It has never ceased to astound me that so many health care workers refuse to get an annual flu shot. We’re not talking about that small, cranky minority of Canadians who dispute all vaccinations, including those for their young children. These are individuals on the frontlines of caring for vulnerable patients, and every year, upwards of 50 per cent of them simply decline to be vaccinated against influenza. Some wear a mask instead, but not many.
In vain have public health officials, hospitals and long-term care facilities rolled out education campaign after education campaign, stressing the value of flu shots in preventing the spread of a potentially serious, even fatal, condition to those they care for. Vaccination percentages in health care settings remain stubbornly low.
Reasons vary, but mostly they boil down to protecting the right to decide what goes into one’s body, and questioning whether vaccinations do much good. Indeed, the effectiveness of flu shots is relatively low, compared with vaccinations against other diseases. But public health officials are unanimous that they still offer the best protection there is against the spread of influenza. Having a flu shot provides more protection than not having one. Yet, vast numbers of health care workers continued to go unshot.
Finally, B.C.’s Provincial Health Officer Dr. Perry Kendall and others in the field decided something more had to be done. Last year, they unveiled a policy that mandated all health care workers in contact with patients to be vaccinated against influenza, wear a mask, or face the possibility of discipline. This province-wide dictate was the first of its kind in Canada.
Not surprisingly, health care workers and their unions strongly opposed the get-tough measure, prompting the province to withdraw the proposed policy and institute, temporarily, a more collaborative approach. Meanwhile, the matter of mandatory flu shots or mask wearing went to arbitration.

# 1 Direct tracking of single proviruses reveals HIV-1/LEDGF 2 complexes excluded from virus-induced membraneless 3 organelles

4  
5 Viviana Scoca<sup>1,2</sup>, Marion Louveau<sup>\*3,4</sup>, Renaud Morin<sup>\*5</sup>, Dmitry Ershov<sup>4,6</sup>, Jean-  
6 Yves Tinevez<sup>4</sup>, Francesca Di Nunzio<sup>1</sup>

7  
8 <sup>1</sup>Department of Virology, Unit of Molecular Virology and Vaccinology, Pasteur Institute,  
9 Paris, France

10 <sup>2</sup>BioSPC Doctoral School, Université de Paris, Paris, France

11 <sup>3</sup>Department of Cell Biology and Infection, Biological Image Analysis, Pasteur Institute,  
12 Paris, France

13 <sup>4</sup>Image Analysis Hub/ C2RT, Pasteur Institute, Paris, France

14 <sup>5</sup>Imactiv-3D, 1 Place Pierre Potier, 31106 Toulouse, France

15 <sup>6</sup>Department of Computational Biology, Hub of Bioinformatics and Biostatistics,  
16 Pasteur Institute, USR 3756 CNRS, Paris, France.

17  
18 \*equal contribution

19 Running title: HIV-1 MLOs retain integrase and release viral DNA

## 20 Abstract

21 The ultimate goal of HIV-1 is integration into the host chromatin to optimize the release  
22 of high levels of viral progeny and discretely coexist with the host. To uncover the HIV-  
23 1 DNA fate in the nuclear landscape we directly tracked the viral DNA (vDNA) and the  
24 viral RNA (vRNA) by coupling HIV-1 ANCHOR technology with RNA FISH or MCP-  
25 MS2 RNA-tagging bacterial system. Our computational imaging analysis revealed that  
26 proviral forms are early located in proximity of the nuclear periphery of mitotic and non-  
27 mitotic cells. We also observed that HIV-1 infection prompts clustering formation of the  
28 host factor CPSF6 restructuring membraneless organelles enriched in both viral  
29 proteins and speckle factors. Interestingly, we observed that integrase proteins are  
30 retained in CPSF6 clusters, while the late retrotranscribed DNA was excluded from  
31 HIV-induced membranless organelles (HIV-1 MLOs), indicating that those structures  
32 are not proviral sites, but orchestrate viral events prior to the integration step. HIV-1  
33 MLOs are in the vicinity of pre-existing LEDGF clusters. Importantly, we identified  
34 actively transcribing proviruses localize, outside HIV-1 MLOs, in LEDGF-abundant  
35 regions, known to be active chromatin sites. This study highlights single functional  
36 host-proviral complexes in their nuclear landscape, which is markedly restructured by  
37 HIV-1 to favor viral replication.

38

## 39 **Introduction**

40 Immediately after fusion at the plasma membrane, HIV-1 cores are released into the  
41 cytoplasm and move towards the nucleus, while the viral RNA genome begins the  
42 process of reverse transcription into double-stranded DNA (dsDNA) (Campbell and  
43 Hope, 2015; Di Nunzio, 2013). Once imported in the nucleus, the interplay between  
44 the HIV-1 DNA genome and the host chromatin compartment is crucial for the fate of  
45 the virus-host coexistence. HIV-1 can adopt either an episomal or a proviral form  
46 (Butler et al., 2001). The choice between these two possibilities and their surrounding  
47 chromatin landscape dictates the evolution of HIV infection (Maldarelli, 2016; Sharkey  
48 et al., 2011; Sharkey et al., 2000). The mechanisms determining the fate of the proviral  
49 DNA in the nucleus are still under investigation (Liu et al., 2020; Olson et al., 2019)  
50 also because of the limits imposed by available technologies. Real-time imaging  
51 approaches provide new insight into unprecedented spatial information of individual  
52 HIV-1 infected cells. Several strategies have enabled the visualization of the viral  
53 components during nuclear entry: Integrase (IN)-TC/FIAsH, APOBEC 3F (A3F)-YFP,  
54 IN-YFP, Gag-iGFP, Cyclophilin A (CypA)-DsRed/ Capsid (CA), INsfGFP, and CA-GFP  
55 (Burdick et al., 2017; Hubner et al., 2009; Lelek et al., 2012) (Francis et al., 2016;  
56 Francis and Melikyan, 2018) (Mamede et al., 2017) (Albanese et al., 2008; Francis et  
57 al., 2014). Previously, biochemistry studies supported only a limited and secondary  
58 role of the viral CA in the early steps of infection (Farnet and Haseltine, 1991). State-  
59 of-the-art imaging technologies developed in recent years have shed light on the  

Today, following 15 days of hearings, involving international and Canadian public health experts on both sides, including the renowned Dr. Allison McGeer, director of infection control at Toronto’s Mount Sinai Hospital and advisor to the World Health Organization, we have a verdict. In a comprehensive, 115-page judgment, Robert Diebolt, law professor emeritus at UBC, ruled that, given all the evidence, the policy of compulsory immunization or mask, while not perfect, was reasonable.
He wrote: “It is indisputable that influenza can be a serious, even fatal, disease. Immunization also indisputably provides a measure of protection to health care workers and I have found that their immunization reduces influenza transmission to patients. I have also concluded that there is some evidence to support the masking component of the Policy. In short, there is a real and serious patient safety issue and the Policy is a helpful program to reduce patient risk.”
This is a victory on many fronts: for patients, for common sense and for sound public health. I hope those reluctant health care workers now get the point!
Rather than accept my word for it, however, here is Professor Diebolt’s ruling, in its entirety. Happy reading.